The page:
I get it… Homebirth isn’t everyone’s cup of tea. But since the speculation of Meghan Markles plans for a home birth, it has come into the lime light. From the many magazine articles on this with people throwing around their views on Homebirth, it’s highlighted what we as a culture think about women and their capabilities about birth. That for birth, we need to be in close proximity of a doctor, you know “just in case.”
So let’s look at what the research says…
Before we look I need to highlight that this research compares the types of birth looking at where women PLANNED to give birth and then what actually happened in their births. (This is important to distinguish so people reading this don’t think, well DUH of course there’s going to be no cesareans at home 🙄)
Also we’re looking here at women with no “risk factors” so women who have no complications, totally straightforward etc. and that’s in ALL of these groups. All “low risk” women but all women who have had a baby before.
So, you’d think that comparing these women there would be the same amount of instrumental births or cesareans in each birth setting right? As surely, the amount of babies needed to be born with intervention are the same in each group.
Here are the stats…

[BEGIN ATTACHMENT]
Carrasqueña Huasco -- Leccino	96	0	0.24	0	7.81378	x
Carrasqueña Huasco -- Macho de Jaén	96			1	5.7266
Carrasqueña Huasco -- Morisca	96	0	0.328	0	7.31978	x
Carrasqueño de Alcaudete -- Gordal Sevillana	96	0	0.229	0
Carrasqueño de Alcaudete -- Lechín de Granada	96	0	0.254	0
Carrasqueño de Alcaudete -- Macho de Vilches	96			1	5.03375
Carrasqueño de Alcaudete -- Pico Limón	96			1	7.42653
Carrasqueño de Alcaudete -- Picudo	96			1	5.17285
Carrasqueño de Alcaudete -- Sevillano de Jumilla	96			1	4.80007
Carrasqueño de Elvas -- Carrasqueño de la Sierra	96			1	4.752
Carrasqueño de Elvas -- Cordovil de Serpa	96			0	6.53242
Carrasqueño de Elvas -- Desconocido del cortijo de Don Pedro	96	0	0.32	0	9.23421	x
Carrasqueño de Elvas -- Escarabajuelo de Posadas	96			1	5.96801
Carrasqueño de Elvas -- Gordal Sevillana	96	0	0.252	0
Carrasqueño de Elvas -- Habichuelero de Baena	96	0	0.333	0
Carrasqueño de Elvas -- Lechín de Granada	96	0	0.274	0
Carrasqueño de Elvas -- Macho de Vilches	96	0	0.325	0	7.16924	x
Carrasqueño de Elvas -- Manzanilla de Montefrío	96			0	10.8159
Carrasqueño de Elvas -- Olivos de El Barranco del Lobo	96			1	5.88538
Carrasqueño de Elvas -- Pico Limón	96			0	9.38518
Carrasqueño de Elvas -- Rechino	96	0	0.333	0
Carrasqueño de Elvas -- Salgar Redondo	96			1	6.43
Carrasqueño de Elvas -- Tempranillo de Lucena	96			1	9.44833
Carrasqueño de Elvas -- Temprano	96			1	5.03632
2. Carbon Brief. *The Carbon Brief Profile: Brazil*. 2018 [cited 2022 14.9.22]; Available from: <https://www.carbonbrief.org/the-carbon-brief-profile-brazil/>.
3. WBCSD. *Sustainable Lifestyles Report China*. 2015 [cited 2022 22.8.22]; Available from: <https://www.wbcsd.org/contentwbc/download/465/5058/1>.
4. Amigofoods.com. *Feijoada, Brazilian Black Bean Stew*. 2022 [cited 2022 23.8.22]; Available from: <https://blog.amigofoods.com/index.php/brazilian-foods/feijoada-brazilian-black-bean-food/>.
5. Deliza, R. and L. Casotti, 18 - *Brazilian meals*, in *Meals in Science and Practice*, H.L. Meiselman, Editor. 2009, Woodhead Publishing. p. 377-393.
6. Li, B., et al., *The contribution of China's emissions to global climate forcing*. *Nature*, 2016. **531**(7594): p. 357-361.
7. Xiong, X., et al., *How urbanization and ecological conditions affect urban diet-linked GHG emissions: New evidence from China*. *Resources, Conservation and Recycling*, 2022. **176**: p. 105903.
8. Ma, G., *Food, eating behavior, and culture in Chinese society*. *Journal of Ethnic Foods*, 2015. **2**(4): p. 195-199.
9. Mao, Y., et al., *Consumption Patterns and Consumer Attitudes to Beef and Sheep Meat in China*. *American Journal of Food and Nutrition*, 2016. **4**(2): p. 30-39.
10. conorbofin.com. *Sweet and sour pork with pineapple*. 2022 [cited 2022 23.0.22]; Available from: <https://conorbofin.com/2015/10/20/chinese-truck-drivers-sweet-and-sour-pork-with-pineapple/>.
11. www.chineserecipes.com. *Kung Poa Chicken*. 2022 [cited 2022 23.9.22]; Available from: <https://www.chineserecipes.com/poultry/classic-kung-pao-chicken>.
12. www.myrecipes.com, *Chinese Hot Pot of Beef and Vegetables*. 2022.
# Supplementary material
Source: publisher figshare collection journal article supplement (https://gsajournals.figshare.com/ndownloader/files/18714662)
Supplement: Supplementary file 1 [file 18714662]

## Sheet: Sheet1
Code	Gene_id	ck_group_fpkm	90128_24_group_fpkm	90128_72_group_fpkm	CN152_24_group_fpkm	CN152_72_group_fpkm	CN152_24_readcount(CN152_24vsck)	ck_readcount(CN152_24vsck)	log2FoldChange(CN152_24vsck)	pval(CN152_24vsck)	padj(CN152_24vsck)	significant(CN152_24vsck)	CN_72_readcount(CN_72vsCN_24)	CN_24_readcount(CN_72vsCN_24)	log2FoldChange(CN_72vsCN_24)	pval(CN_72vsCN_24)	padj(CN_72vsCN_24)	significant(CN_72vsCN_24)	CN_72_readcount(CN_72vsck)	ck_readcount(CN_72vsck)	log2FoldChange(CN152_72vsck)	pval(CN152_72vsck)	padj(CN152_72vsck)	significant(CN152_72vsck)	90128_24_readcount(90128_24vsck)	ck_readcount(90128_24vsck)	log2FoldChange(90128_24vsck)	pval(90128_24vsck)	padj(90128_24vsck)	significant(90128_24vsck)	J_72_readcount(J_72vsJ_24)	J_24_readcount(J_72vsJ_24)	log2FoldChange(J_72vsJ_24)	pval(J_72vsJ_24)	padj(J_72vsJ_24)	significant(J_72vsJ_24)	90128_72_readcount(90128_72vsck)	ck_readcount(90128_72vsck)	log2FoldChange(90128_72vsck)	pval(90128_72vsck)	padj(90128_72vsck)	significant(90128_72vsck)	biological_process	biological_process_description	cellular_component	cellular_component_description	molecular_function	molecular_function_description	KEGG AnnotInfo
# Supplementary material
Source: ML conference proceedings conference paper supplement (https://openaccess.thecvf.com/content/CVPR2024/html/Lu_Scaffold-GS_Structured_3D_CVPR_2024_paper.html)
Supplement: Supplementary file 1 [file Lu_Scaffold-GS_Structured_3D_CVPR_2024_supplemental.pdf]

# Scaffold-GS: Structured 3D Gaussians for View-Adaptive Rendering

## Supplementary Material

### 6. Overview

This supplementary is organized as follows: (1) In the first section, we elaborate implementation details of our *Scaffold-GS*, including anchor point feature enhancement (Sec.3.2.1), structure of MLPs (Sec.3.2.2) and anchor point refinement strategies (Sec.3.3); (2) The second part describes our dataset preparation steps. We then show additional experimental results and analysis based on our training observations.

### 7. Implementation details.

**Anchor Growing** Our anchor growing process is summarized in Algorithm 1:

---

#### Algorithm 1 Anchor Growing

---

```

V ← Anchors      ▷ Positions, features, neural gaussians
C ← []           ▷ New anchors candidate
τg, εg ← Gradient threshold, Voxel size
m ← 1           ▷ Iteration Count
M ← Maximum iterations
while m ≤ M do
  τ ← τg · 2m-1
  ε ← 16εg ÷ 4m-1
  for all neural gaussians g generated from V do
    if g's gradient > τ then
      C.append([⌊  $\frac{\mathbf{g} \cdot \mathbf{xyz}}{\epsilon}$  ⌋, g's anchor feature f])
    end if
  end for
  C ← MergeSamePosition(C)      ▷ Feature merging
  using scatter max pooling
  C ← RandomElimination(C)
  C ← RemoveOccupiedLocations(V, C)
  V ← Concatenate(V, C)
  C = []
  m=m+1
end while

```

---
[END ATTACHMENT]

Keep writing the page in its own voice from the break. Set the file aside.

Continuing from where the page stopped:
Per 1000 births.
Women who had a Vaginal birth (without assistance)
Home- 984 vs Birth unit- 967 vs. Obstetric 927… That’s a 57 more vaginal births happened at home than in a consultant led unit,
Home 28 vs. Obstetric unit 121… That means that 93 more women choose an epidural when it is readily available.
Home 15 vs Obstetric unit 56… An extra 39 women had an episiotomy (a cut to the perineum used to help baby be born quicker when is thought baby is in distress)
Home 7 vs Obstetric unit 35 … Only 7 women were transferred in for a caesarean birth compared to 35 who were already on a consultant led unit. And remember, these women ARE NOT on a consultant led unit for any reason as we are comparing women with no other factors involved.
Home 9 vs Obstetric unit 38… 9 women would have transferred in to hospital for a instrumental birth compared to 38 who were birthing with Drs around.
So are you thinking… WOW it sounds more dangerous at home as surely those birth statistics should be fairly similar so all those babies would have missed out on being born quicker when in need. Well, if we look at the most important one to consider, what about the babies.
So when looking at serious medical problems for baby per 1000 births.
Home 3 vs Obstetric Unit 3 (for second or more time mothers)
So baby’s of mothers (who have birthed before) who are “low risk” are no safer during birth in a hospital than at home.
Even when compared to a birth unit, home always comes up trumps for less intervention. So looking at those stats.. look at all those unnecessary interventions that occurred purely from being in an area where there are obstetricians around.
This could be potentially for two reasons…